Since its foundation in 1927, dance training at Folkwang University of the Arts has been closely associated with the tradition of the theory of movement analysis which was influenced by Rudolf von Laban and Kurt Jooss. The insights first formulated by Laban had a decisive influence on modern dance within and outside Germany. They are still actively taught in Essen in the Jooss-Leeder technique and in the movement notation named after Laban (Kinetography Laban/Labanotation) and they are being further developed in a forward looking way.
Notationinstructions at Folkwang University of the Arts | photo: Heike Kandalowski
Laban’s movement theory and the Jooss-Leeder technique
In the era of German expressive dance, the comprehensive theoretical work of Rudolf von Labans (1879 – 1958) created systematic structures for the first time. The aim was to enable young modern dance to be communicated consistently, thus strengthening and positioning it vis-à-vis the tradition of classical ballet. Central elements of Laban’s movement analysis systems are eukinetics, which describes the dynamic aspects of movement using the parameters of space, time, energy and movement flows, and choreutics, which observes the moving body in relation to geometric structures surrounding it, such as a cube or an icosahedron.
Kurt Jooss (1901 – 1979) and Sigurd Leeder (1902 – 1981) integrated Laban’s analytical methods into professional dance instruction, forming the dance technique that is named after them. The Jooss-Leeder technique does not comprise a clearly-defined canon of movement sequences or exercises. Instead, Laban’s principles serve as a starting point to configure different movement exercises and phases, with a great diversity of movements and variability of phrasing being achieved by changing the underlying spatial, dynamic and qualitative parameters. Thus, this technique can still develop new forms and means of expression in keeping with today’s zeitgeist.
Laban’s Kinetography / Labanotation
Such a finely differentiated technique not only demands that trainee dancers perform and reproduce movements in the course of their learning processes, but that they also acquire a deeper understanding of the theoretical background. It was therefore important to Jooss that all dance students received instruction in dance notation. Thus, this notation not only serves to document movement processes and choreographies, but also provides a well-founded theoretical basis for movement analysis.
The notation represents in abstract form the body’s movements in space and time. A system of lines running from the bottom to the top of the paper symbolises the passage of time. The columns of this system of lines are allocated to the moving parts of the body. Movement symbols in the system of lines indicate that a part of a body changes its position in relation to the surrounding space. In their totality, the individual pieces of information on sequences of movement and simultaneous movements provide sufficient indications to be able to reconstruct the structure of a movement process from the notation alone. With its ability to include other details of movements, such as the quality of a movement or its choreographic arrangement, this notation system developed during the twentieth century to become a comprehensive tool for dance documentation. Although dance notation has not yet achieved an equally essential status to musical notation, a multitude of important choreographic works have been notated over the years and may be accessed in archives and libraries.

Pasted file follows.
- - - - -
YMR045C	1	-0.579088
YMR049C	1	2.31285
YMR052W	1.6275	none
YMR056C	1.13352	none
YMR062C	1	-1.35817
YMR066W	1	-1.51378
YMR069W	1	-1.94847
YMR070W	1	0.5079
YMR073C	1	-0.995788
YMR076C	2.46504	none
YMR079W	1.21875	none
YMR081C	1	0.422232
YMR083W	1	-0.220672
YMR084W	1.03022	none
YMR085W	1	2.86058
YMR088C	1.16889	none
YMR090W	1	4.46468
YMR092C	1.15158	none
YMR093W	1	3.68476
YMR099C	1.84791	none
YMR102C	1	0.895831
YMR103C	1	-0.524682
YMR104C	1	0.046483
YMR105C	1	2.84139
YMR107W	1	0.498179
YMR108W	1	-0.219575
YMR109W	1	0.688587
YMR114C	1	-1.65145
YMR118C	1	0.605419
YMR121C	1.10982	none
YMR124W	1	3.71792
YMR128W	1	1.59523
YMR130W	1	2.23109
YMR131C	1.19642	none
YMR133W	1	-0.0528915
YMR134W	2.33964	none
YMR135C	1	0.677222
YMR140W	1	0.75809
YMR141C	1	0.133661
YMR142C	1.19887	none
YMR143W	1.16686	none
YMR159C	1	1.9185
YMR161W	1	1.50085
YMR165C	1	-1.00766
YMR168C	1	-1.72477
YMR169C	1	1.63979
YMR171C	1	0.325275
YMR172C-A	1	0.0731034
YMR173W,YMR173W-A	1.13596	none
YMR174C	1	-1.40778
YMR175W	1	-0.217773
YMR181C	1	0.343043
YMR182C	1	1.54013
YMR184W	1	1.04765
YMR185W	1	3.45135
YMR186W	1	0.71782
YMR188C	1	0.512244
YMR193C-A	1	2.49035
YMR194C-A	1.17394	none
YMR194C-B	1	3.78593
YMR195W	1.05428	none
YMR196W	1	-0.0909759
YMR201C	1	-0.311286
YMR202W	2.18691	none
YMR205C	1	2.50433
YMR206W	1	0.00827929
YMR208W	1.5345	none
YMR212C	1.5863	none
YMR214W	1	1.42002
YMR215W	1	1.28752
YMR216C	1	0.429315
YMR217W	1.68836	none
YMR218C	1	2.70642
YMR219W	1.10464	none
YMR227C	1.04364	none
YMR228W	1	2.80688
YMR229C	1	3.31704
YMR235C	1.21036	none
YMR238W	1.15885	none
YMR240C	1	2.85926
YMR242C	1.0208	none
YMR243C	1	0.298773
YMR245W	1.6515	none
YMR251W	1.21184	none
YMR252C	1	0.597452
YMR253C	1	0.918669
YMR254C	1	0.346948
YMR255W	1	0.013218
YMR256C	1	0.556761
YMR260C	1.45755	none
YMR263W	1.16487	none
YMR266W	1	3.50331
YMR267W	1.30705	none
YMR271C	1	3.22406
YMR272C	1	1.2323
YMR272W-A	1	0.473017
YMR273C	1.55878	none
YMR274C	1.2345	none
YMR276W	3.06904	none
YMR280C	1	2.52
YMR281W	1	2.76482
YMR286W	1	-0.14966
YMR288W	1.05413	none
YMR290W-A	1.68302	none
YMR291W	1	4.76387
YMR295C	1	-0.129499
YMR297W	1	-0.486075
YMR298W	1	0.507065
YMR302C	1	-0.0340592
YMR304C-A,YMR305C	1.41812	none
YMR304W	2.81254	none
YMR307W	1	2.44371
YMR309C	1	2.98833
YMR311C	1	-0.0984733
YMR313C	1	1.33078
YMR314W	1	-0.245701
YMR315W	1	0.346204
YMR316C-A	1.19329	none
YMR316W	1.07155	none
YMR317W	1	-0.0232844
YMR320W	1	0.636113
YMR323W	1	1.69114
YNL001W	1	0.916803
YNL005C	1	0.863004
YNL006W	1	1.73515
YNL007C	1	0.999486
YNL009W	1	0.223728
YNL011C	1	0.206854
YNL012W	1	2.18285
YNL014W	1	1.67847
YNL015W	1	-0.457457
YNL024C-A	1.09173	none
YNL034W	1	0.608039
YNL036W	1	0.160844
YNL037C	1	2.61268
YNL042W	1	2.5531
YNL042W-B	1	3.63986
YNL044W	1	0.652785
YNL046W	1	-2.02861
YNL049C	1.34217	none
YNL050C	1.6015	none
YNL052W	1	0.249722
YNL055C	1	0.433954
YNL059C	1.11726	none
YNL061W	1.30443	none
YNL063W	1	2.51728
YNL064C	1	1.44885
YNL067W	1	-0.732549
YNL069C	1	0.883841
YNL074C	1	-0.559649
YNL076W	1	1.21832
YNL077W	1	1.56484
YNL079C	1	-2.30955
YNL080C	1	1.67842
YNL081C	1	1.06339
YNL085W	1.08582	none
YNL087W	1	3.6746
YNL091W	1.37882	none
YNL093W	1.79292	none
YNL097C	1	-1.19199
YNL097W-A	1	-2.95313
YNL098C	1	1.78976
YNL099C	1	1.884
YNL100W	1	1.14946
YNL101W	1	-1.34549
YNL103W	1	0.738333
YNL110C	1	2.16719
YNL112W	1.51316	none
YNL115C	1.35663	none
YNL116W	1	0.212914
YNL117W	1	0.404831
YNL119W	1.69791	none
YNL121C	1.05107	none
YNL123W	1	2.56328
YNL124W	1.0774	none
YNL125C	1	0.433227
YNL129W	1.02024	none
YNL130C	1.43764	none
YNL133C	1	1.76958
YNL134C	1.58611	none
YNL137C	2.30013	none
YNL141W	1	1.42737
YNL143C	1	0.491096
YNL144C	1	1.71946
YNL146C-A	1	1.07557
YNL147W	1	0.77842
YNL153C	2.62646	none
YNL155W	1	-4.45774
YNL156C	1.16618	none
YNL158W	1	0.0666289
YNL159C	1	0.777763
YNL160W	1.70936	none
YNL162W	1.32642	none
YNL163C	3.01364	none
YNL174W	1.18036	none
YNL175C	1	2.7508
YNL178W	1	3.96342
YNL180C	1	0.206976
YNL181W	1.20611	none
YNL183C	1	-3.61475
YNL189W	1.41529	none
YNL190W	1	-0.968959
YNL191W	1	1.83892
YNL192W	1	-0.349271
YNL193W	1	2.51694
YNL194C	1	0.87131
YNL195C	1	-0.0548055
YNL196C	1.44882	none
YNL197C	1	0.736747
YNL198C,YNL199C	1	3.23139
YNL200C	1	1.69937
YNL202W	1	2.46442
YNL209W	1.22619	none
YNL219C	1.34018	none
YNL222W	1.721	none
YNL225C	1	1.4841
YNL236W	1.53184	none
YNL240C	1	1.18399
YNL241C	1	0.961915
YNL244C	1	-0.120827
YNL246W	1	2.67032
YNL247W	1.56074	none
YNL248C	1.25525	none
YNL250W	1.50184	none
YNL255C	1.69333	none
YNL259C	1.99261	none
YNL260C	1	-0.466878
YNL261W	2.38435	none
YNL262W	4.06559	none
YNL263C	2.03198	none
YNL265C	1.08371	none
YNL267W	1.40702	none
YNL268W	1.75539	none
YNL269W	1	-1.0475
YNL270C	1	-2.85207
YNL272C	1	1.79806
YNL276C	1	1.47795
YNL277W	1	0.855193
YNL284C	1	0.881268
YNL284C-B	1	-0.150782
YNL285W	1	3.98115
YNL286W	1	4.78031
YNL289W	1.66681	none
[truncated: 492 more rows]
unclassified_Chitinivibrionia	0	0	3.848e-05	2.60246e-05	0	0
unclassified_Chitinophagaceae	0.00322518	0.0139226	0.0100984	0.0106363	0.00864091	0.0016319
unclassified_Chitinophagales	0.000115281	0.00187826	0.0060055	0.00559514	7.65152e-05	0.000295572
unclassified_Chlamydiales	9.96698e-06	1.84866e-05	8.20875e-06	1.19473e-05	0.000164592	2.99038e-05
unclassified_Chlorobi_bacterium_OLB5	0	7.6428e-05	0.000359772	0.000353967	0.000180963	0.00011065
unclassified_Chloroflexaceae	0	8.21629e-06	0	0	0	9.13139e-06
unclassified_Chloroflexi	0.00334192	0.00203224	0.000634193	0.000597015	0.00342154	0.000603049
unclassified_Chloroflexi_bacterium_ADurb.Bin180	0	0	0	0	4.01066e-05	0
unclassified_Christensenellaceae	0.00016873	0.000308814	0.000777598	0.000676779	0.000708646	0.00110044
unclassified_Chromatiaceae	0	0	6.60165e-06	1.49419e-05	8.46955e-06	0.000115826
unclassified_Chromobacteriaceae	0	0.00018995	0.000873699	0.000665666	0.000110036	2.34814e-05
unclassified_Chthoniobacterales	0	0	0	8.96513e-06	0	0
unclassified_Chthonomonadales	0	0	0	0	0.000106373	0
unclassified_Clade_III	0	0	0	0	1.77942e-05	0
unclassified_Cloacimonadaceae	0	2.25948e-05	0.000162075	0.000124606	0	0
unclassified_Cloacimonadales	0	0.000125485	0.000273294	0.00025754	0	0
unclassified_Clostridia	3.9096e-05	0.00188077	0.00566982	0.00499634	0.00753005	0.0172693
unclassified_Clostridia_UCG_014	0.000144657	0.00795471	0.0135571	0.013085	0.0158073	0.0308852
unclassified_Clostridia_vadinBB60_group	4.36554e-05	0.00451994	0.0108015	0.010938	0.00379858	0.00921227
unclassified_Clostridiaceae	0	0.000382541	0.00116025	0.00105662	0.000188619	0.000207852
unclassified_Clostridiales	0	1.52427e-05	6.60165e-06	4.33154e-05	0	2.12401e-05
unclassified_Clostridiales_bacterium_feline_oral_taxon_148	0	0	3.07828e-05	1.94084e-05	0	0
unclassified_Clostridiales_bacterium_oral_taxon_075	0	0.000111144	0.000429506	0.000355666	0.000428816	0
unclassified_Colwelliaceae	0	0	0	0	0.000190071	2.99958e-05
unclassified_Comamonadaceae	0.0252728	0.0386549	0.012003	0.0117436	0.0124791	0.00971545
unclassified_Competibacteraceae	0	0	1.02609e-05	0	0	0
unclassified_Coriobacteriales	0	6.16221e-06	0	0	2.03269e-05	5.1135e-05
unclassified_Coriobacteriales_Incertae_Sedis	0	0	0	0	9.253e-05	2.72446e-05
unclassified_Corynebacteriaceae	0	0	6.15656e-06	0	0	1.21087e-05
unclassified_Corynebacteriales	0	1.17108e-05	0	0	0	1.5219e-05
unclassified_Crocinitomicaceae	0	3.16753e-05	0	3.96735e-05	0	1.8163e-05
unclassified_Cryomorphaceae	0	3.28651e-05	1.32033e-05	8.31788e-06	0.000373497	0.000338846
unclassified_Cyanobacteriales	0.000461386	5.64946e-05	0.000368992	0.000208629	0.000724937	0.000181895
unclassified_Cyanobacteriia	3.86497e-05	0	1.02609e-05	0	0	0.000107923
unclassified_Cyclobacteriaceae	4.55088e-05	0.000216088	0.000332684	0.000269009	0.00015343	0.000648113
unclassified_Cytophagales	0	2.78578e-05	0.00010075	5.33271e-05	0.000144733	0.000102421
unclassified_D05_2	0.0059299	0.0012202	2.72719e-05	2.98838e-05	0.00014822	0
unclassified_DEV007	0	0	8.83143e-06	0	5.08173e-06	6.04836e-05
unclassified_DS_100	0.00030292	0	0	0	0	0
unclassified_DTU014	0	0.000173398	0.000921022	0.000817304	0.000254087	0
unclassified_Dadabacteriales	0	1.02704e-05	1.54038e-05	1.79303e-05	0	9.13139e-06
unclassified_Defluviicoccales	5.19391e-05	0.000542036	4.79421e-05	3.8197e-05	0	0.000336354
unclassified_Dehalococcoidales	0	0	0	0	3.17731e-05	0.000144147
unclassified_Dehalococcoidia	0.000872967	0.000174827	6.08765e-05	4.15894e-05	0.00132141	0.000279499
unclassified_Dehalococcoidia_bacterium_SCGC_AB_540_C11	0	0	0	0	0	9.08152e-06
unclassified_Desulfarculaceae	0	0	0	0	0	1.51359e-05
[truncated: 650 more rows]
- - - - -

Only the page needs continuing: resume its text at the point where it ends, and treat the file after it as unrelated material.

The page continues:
As well as this traditional documentary field of application for notation, a productive approach allows notation to be used to research movement possibilities and to embellish them artistically and compositionally. With its terminology for describing movement, notation is an ideal tool to become more aware of the structure of movements and it thus plays a key role in dealing creatively and compositionally with movement. The abstract form of notation highlights otherwise untapped possibilities for shaping movement and provides ideas for combining movement components in varied and previously unknown ways.
The tradition unique to Folkwang of integrating notation in dance training continues unbroken to this day and is being extended by additional study opportunities. The M.A. Dance Composition programme includes a course in Movement Notation/Movement Analysis. This is an opportunity unique in Europe for students to extend and deepen their knowledge of all aspects of notation, enabling them to do independent work in the area of documentation and reconstruction as well as in the area of creative analysis, and also to explore other significant notation systems, such as the Eshkol-Wachman Movement Notation.
The traditional methods of notation are currently facing challenges from the new possibilities for the visual and digital representation of movement. In recent years, contemporary choreographers (e.g. William Forsythe) have been increasingly working on multimedia documentations, which are often accessible via the internet. This could enable the analytical and creative potential of technology-supported visualisation techniques to develop even further by integrating them with the traditional movement analysis of dance notation. The reconstruction and visualisation tool developed in the research project “Visualizing (the Derra de Moroda) Dance Archives“ at the University of Salzburg unites the direct three-dimensional visualisation of movements with the analytical precision of dance notation. It is already being tested in notation classes in Essen. Thus, significant impetus is being given to promoting and actively pursuing the further development of these new technologies.